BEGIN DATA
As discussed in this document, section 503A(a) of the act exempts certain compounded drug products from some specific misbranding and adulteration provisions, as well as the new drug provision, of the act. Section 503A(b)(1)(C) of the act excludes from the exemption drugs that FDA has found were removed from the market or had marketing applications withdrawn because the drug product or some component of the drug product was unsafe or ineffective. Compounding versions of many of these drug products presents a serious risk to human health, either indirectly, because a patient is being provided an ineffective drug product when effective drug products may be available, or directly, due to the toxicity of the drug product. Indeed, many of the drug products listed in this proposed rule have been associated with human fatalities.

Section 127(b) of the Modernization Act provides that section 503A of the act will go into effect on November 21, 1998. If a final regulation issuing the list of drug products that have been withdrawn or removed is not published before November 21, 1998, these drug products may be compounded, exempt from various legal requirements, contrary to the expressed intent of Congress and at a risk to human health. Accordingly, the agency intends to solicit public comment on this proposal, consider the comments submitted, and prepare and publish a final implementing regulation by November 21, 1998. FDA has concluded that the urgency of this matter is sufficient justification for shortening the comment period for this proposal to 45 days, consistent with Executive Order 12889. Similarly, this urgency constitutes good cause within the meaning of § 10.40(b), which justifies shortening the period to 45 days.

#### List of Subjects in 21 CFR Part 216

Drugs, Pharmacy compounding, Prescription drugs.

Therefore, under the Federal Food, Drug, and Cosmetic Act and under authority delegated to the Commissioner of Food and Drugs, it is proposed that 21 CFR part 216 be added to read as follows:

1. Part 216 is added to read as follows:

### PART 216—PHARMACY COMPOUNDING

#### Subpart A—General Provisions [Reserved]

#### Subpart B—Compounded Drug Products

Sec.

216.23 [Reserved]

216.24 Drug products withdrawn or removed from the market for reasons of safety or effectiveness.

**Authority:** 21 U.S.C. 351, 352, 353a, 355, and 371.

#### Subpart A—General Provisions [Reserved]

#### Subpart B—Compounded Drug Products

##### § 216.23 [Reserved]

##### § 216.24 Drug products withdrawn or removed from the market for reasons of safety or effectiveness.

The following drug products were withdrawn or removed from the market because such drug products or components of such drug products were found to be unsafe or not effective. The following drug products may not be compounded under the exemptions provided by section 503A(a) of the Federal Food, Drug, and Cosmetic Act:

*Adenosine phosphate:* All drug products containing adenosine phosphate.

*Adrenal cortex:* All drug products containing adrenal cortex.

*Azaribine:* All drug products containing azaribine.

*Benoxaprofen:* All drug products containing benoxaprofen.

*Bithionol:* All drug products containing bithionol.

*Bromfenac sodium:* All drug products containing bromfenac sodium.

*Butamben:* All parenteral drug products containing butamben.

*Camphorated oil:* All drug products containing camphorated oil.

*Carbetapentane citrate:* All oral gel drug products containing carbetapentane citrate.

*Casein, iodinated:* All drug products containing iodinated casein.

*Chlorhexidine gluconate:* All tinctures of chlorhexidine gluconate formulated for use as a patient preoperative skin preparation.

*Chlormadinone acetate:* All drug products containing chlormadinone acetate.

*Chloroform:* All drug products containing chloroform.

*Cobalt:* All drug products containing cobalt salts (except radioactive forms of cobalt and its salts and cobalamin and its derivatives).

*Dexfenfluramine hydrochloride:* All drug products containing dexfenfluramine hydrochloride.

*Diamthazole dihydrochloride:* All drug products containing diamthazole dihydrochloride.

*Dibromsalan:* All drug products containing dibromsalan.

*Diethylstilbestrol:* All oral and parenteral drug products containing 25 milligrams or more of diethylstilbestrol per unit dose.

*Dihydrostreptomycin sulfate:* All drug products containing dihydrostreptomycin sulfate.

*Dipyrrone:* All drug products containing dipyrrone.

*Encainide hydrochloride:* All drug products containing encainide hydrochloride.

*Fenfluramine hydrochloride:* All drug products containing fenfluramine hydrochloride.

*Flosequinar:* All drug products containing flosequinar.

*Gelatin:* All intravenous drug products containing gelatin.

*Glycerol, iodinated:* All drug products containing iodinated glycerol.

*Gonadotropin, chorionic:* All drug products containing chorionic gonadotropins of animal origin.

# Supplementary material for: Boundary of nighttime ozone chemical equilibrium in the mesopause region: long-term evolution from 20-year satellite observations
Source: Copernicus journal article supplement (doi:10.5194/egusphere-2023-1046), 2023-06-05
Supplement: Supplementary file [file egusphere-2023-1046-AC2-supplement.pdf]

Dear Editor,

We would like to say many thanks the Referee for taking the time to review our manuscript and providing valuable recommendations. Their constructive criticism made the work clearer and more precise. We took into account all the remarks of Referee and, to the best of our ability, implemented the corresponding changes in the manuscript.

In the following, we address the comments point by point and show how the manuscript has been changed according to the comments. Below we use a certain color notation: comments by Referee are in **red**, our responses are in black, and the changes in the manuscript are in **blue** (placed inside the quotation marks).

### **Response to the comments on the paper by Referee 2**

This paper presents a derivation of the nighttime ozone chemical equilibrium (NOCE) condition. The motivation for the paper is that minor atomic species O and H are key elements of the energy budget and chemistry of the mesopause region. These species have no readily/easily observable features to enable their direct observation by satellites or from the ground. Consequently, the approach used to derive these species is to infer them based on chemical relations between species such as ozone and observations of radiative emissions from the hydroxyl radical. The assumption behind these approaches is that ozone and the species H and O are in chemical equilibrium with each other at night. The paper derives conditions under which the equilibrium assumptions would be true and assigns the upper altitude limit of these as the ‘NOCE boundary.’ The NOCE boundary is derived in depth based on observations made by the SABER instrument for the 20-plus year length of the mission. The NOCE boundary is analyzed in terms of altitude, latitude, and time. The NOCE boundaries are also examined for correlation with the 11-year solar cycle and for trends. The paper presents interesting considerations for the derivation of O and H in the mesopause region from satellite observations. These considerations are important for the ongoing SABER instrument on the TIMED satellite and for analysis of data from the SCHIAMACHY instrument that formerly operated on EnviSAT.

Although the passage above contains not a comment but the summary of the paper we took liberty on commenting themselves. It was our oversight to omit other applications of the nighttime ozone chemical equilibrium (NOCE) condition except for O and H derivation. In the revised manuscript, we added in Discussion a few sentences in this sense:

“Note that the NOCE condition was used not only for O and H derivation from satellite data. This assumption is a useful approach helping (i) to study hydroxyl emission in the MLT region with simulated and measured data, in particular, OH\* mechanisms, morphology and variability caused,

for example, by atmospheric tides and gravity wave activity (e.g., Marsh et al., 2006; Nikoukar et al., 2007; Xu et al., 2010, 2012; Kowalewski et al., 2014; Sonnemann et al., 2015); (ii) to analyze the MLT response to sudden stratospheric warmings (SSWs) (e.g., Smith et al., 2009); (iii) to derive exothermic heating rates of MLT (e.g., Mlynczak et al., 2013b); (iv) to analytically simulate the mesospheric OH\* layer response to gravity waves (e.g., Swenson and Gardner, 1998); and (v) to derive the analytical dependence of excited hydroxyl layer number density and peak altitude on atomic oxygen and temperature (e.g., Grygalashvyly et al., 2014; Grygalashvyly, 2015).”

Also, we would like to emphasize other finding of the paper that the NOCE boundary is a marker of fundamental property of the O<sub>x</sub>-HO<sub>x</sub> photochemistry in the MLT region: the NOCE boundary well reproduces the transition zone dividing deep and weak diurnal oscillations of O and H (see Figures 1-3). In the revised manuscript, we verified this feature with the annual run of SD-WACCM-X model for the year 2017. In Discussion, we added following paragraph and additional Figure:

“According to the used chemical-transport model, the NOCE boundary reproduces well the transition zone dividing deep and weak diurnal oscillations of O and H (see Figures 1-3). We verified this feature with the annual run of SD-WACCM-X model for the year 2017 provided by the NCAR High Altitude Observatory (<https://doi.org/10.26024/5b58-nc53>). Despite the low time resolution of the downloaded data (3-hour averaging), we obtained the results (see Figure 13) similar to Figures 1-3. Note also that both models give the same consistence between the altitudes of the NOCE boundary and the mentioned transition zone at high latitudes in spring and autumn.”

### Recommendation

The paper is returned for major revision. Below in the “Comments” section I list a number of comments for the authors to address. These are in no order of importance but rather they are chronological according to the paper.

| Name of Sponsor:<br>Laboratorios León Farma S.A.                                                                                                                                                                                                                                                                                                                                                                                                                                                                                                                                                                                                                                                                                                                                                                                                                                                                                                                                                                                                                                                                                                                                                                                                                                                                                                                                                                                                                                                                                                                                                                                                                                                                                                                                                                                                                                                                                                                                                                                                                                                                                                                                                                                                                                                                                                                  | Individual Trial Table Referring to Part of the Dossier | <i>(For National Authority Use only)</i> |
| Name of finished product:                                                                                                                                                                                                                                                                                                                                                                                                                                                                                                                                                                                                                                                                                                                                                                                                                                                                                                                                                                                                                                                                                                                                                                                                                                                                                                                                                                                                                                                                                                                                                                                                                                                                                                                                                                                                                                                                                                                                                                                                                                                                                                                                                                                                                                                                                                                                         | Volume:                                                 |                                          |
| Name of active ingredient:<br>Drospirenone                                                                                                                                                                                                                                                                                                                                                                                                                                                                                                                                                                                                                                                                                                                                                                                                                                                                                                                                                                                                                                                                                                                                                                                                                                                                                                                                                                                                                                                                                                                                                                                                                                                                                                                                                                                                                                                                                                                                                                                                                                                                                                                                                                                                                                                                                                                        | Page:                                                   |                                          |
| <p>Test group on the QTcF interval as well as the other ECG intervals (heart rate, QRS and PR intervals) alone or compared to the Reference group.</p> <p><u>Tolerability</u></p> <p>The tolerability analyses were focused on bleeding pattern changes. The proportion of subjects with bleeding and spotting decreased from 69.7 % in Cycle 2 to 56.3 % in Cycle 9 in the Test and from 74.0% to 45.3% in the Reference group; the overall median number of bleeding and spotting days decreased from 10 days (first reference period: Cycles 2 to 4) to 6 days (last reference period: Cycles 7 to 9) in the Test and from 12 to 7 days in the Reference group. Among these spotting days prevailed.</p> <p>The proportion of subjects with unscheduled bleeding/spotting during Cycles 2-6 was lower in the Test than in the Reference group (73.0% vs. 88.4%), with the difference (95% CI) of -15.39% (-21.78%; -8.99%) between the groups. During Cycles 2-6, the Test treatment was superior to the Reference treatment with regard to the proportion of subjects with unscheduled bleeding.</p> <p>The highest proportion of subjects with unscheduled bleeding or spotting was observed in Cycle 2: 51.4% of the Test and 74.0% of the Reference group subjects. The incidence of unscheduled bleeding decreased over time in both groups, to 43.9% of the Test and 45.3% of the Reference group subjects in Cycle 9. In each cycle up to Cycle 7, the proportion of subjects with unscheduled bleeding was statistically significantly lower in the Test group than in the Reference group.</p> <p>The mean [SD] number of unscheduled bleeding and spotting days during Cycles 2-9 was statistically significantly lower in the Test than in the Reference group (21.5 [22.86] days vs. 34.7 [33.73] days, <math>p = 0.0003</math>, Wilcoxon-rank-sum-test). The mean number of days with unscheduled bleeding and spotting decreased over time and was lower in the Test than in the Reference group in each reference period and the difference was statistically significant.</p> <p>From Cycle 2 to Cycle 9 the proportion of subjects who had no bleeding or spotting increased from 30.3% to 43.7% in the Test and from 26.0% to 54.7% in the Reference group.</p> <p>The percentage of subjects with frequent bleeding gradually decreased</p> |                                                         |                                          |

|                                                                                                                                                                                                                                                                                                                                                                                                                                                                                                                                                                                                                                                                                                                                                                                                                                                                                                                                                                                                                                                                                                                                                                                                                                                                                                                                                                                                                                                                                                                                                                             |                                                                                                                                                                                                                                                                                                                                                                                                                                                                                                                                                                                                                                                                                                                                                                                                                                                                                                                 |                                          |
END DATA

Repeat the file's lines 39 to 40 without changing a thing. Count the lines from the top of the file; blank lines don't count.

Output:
*Encainide hydrochloride:* All drug products containing encainide hydrochloride.

*Fenfluramine hydrochloride:* All drug products containing fenfluramine hydrochloride.